Microplastics in drinking water do not appear to pose a health risk at current levels, according to the World Health Organization (WHO).
In its first report on the issue, the WHO found that larger particles, and most smaller ones, pass through the body without being absorbed.
But it said the findings were based on "limited information" as it called for greater research on the issue.
"We urgently need to know more", the United Nations body said.
What does the report say?
Microplastics, defined as small (less than 5mm in length) pieces of any kind of plastic debris, have been found in rivers, lakes, drinking water supplies, and in bottled water.
So what does that mean for human health?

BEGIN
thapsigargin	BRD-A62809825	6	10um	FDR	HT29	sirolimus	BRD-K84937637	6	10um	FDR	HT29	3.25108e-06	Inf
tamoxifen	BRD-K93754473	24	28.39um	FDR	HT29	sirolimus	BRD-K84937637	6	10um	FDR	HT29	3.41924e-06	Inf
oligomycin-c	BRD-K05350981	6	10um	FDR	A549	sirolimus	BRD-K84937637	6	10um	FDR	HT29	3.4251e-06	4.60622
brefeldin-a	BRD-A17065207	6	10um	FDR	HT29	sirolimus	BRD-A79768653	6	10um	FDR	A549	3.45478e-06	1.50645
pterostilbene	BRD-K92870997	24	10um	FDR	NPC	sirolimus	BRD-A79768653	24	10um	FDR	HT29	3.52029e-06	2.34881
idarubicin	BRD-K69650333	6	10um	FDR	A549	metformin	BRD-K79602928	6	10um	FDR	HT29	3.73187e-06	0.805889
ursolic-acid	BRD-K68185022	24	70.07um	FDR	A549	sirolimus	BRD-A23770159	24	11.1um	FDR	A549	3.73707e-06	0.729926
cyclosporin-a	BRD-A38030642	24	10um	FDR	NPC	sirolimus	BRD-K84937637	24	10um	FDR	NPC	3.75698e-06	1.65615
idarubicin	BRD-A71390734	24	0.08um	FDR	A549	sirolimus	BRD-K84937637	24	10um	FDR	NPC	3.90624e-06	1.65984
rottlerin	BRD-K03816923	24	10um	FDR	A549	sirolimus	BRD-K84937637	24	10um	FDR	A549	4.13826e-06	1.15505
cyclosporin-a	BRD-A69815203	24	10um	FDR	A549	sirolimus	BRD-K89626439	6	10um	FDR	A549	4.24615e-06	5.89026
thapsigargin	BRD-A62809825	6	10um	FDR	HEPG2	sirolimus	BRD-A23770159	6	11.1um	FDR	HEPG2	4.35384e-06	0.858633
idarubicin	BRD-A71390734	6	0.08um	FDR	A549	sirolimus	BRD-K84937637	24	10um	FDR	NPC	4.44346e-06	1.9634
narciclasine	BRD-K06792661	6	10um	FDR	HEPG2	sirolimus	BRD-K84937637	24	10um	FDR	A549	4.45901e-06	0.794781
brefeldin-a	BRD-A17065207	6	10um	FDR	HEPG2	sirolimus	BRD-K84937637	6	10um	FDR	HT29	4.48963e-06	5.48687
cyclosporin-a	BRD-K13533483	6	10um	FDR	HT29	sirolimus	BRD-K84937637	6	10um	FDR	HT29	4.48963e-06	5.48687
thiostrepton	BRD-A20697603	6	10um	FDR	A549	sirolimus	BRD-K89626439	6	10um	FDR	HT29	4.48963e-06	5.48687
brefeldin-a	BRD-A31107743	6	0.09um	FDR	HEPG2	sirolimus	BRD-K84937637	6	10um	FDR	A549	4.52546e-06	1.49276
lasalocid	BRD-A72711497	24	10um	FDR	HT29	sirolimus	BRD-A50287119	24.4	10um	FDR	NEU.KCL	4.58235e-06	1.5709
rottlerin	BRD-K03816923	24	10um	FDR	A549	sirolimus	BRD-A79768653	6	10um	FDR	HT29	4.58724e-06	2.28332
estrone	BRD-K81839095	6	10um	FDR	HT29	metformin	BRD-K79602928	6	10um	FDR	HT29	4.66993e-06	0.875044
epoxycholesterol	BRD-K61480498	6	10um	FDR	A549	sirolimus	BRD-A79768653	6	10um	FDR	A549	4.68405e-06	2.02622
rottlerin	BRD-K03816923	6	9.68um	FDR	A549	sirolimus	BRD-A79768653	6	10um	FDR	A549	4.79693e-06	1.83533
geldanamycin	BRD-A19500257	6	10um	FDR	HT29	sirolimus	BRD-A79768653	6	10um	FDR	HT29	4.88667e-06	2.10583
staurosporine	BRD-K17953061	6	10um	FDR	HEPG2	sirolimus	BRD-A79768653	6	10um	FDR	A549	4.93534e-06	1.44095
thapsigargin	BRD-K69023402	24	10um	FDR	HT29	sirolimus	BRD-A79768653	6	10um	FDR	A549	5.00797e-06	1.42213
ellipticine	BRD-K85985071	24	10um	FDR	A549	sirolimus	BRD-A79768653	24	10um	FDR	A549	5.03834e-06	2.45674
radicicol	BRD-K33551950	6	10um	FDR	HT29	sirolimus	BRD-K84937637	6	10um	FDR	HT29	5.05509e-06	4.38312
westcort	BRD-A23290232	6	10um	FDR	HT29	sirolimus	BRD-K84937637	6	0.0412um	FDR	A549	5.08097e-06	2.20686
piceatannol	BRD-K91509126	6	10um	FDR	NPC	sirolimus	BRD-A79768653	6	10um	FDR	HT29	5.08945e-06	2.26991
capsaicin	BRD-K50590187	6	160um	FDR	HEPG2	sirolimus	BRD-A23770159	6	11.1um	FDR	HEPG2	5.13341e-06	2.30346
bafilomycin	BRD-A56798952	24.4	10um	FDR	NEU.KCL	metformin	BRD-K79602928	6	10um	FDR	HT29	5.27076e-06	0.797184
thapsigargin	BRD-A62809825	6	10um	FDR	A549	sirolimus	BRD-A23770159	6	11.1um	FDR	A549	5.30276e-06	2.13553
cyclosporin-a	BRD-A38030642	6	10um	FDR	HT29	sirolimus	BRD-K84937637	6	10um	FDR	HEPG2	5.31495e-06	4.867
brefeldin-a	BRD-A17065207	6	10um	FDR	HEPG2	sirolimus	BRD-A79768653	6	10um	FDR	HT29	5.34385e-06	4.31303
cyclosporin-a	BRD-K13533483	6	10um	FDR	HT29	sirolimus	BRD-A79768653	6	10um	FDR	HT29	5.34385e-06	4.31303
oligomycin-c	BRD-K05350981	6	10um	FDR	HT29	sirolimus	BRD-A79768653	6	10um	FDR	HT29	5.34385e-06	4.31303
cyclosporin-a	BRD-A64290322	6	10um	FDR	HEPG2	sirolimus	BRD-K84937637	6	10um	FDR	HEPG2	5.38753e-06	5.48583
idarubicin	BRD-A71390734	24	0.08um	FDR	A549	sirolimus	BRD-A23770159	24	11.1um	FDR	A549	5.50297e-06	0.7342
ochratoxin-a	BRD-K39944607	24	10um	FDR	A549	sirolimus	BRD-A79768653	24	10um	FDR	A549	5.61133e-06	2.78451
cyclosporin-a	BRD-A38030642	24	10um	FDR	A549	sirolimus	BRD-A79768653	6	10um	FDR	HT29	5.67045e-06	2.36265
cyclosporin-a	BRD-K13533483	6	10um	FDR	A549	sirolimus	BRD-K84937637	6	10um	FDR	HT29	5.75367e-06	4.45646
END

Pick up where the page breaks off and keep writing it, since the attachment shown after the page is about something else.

In its first ever report on the issue, the WHO says microplastics do not appear to pose a health risk at current levels, but adds that much more research is needed.
Proper studies into plastics in water only really began in the last couple of years, so the evidence available so far is, the WHO admits, limited.
What is more, the studies undertaken were not standardised, with different researchers using different filters to assess the number of plastic particles present in different water sources.
"To say one source of water has 1000 microparticles per litre and another has only one, could simply be dependent on the filter size used," explained the WHO's Dr Bruce Gordon. "We're basically at a point where the study methods were quite weak."
Nevertheless Dr Gordon does say the available research should be "pretty reassuring" for human consumers. The WHO says the evidence suggests that all larger plastic particles, and most of the smaller ones, simply pass through the body without being absorbed at all.